Technical Abstracts
In Case You Missed It
Additive Technologies
“Process Capability of Aerosol-Jet Additive Processes for Long-Runs up to 10-Hours”

Authors: Pradeep Lall, Ph.D, Amrit Abrol, Nakul Kothari, Ben Leever and Scott Miller;

Abstract: Aerosol Jet supports a variety of materials, including nanoparticle inks and screen-printing pastes, conductive polymers, insulators, adhesives, and even biological matter. Adoption of additive manufacturing for high-volume commercial fabrication requires an understanding of the print consistency and electrical and mechanical properties. Little literature exists that addresses the effect of varying sintering time and temperature on the shear strength and resistivity of the printed lines. In this study, the effect of process parameters on the resultant line-consistency, mechanical and electrical properties is studied. Print process parameters studied include the sheath rate, mass flow rate, nozzle size, substrate temperature and chiller temperature. Properties include resistance and shear load to failure of the printed electrical line as a function of varying sintering time and varying sintering temperature. Aerosol Jet was used to print interconnects. Printed samples were exposed to different sintering times and temperatures. The resistance and shear load to failure of the printed lines was measured. The underlying physics of the resultant trend was then investigated using elemental analysis and SEM. The effect of line-consistency drift over prolonged runtimes has been measured for up to 10hr. of runtime. Printing process efficiency has been gauged a function of process capability index (Cpk) and process capability ratio (Cp). Printed samples were studied offline using optical profilometry to analyze the consistency within the line width, line height, line resistance and shear load to study the variance in electrical and mechanical properties over time. (ASME International Technical Conference and Exhibition on Packaging and Integration of Electronic and Photonic Microsystems, October 2019)

Materials Science
“Radiophysicists Study the Properties of Composites for 5G devices”

Authors: Tomsk State University

Abstract: TSU radiophysicists are forming a database of properties of composite materials, which can be used to create devices with 5G and space communication devices operating in the terahertz range. The scientists are creating composite materials from ABS plastic and nanotubes and measuring their properties in a frequency range from 10MHz to 1THz. To create the source material, the radiophysicists are using polymers and, aided by chemical treatment, filling them with carbon nanotubes, which the Boreskov Institute of Catalysis of the Siberian Branch of the Russian Academy of Sciences produces for the Terahertz Laboratory of the Faculty of Radiophysics. By adding nanotubes of different concentrations, the electrophysical properties of the material are changed; for example, the dielectric constant is increased. Then, using 3-D technology, a printed circuit board with elements (conductors, resistors, and others) can be created. From the material obtained on a 3-D printer, a control sample is printed – plates or rings, depending on the standard of the measuring installation, and the properties of the composite in the terahertz range are examined. Properties of 50 samples in the radioactive range up to 1THz have been studied. (Tomsk State University website, Dec. 9, 2019,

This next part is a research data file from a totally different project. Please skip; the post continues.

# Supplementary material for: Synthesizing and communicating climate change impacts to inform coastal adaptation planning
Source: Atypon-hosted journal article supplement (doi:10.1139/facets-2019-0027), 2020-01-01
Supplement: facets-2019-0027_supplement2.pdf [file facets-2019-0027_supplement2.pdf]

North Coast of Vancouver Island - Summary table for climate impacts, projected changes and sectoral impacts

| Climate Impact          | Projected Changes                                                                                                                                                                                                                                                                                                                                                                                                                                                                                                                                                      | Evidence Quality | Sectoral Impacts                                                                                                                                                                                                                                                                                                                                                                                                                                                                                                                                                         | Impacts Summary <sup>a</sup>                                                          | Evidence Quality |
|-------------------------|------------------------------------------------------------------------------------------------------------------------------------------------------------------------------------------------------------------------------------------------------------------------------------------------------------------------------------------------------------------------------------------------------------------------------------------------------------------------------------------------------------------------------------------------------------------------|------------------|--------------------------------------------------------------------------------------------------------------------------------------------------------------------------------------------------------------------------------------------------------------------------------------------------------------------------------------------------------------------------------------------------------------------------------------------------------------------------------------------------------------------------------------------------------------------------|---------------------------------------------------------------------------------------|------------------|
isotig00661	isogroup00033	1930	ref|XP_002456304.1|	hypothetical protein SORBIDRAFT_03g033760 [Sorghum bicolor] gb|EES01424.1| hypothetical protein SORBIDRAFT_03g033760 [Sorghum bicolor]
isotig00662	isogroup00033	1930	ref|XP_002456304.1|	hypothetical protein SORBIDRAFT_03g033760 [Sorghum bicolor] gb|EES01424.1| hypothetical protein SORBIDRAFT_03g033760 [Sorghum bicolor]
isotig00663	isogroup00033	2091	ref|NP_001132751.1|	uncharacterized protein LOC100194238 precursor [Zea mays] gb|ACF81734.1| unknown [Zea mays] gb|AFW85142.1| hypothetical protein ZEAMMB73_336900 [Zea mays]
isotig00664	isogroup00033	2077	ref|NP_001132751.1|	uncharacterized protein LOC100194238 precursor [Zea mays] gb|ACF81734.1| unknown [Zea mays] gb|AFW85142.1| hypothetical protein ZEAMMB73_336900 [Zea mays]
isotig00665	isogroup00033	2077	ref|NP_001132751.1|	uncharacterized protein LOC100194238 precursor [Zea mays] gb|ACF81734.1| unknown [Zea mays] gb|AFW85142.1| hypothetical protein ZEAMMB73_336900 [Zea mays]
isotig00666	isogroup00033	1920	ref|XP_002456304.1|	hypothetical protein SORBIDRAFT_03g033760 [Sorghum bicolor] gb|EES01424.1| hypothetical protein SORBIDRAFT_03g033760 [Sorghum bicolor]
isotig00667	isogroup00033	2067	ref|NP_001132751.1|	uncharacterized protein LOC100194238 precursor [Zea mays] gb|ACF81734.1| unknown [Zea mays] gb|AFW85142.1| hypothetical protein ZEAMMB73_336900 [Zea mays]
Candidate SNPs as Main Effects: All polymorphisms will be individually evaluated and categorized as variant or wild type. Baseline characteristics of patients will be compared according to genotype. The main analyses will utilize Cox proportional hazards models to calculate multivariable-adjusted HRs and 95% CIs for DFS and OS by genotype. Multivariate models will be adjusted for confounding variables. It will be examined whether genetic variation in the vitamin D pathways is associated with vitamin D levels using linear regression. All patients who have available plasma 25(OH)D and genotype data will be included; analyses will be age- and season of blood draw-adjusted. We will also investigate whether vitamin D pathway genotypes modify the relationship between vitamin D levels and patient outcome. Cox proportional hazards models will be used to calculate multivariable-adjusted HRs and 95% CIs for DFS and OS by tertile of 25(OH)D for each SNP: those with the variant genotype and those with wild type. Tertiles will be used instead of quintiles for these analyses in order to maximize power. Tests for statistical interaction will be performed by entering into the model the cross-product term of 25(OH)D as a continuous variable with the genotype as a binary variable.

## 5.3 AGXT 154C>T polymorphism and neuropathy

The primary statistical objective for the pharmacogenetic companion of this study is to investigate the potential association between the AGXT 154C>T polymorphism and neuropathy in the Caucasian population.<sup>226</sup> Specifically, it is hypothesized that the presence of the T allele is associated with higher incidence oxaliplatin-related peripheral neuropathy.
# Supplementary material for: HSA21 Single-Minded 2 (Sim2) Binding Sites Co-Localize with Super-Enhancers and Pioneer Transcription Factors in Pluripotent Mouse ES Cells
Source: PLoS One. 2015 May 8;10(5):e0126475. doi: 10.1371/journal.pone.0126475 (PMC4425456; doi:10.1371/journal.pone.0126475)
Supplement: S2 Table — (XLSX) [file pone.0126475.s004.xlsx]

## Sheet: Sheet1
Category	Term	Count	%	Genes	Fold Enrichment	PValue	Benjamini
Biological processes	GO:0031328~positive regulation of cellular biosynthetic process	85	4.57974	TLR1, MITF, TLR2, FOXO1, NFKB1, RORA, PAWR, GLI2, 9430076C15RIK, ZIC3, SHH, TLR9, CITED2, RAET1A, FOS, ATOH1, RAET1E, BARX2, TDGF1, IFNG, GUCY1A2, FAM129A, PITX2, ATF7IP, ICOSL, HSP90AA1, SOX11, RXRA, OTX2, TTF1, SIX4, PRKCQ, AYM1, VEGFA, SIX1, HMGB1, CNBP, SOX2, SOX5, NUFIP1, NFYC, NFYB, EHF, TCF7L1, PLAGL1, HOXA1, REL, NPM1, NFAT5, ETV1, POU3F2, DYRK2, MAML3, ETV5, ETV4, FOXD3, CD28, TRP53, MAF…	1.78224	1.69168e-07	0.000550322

RF Antennas
“Two-Dimensional Metallic Niobium Diselenide for Sub-Micrometer-Thin Antennas in Wireless Communication Systems”

Authors: Girish Sambhaji Gund, Min Gyu Jung, Keun-Young Shin and Ho Seok Park.

Abstract: State-of-the-art Internet of things (IoT) and smart electronics demand advances in thin and flexible radio frequency (RF) antennas for wireless communication systems. So far, nanostructured materials such as metals, carbon nanotubes, graphene, MXene, and conducting polymers have been investigated due to their noteworthy electrical conductivity. However, most antennas based on metallic materials are thick, which limits their application in miniaturized and portable electronic devices. Herein, the authors report 2-D metallic niobium diselenide (NbSe2) for a monopole patch RF antenna, which functions effectively despite its sub-micrometer thickness, which is less than the skin depths of other metals. The as-fabricated antenna has an 855nm thickness and a 1.2Ωsq–1 sheet resistance and achieves a reflection coefficient of −46.5dB, a radiation efficiency of 70.6%, and omnidirectional RF propagation. Additionally, the resonance frequency of this antenna at the same thickness is reconfigured from 2.01 to 2.80GHz, while decreasing its length and preserving its reflection coefficient of less than −10dB. This approach offers a facile process to synthesize 2-D metallic transition metal dichalcogenides for the rational design of flexible, miniaturized, frequency-tunable, and omnidirectional monopole patch RF antennas for body-centric wearable communication systems. (ACS Nano, November 2019,

This column provides abstracts from recent industry conferences and company white papers. Our goal is to provide an added opportunity for readers to keep abreast of technology and business trends.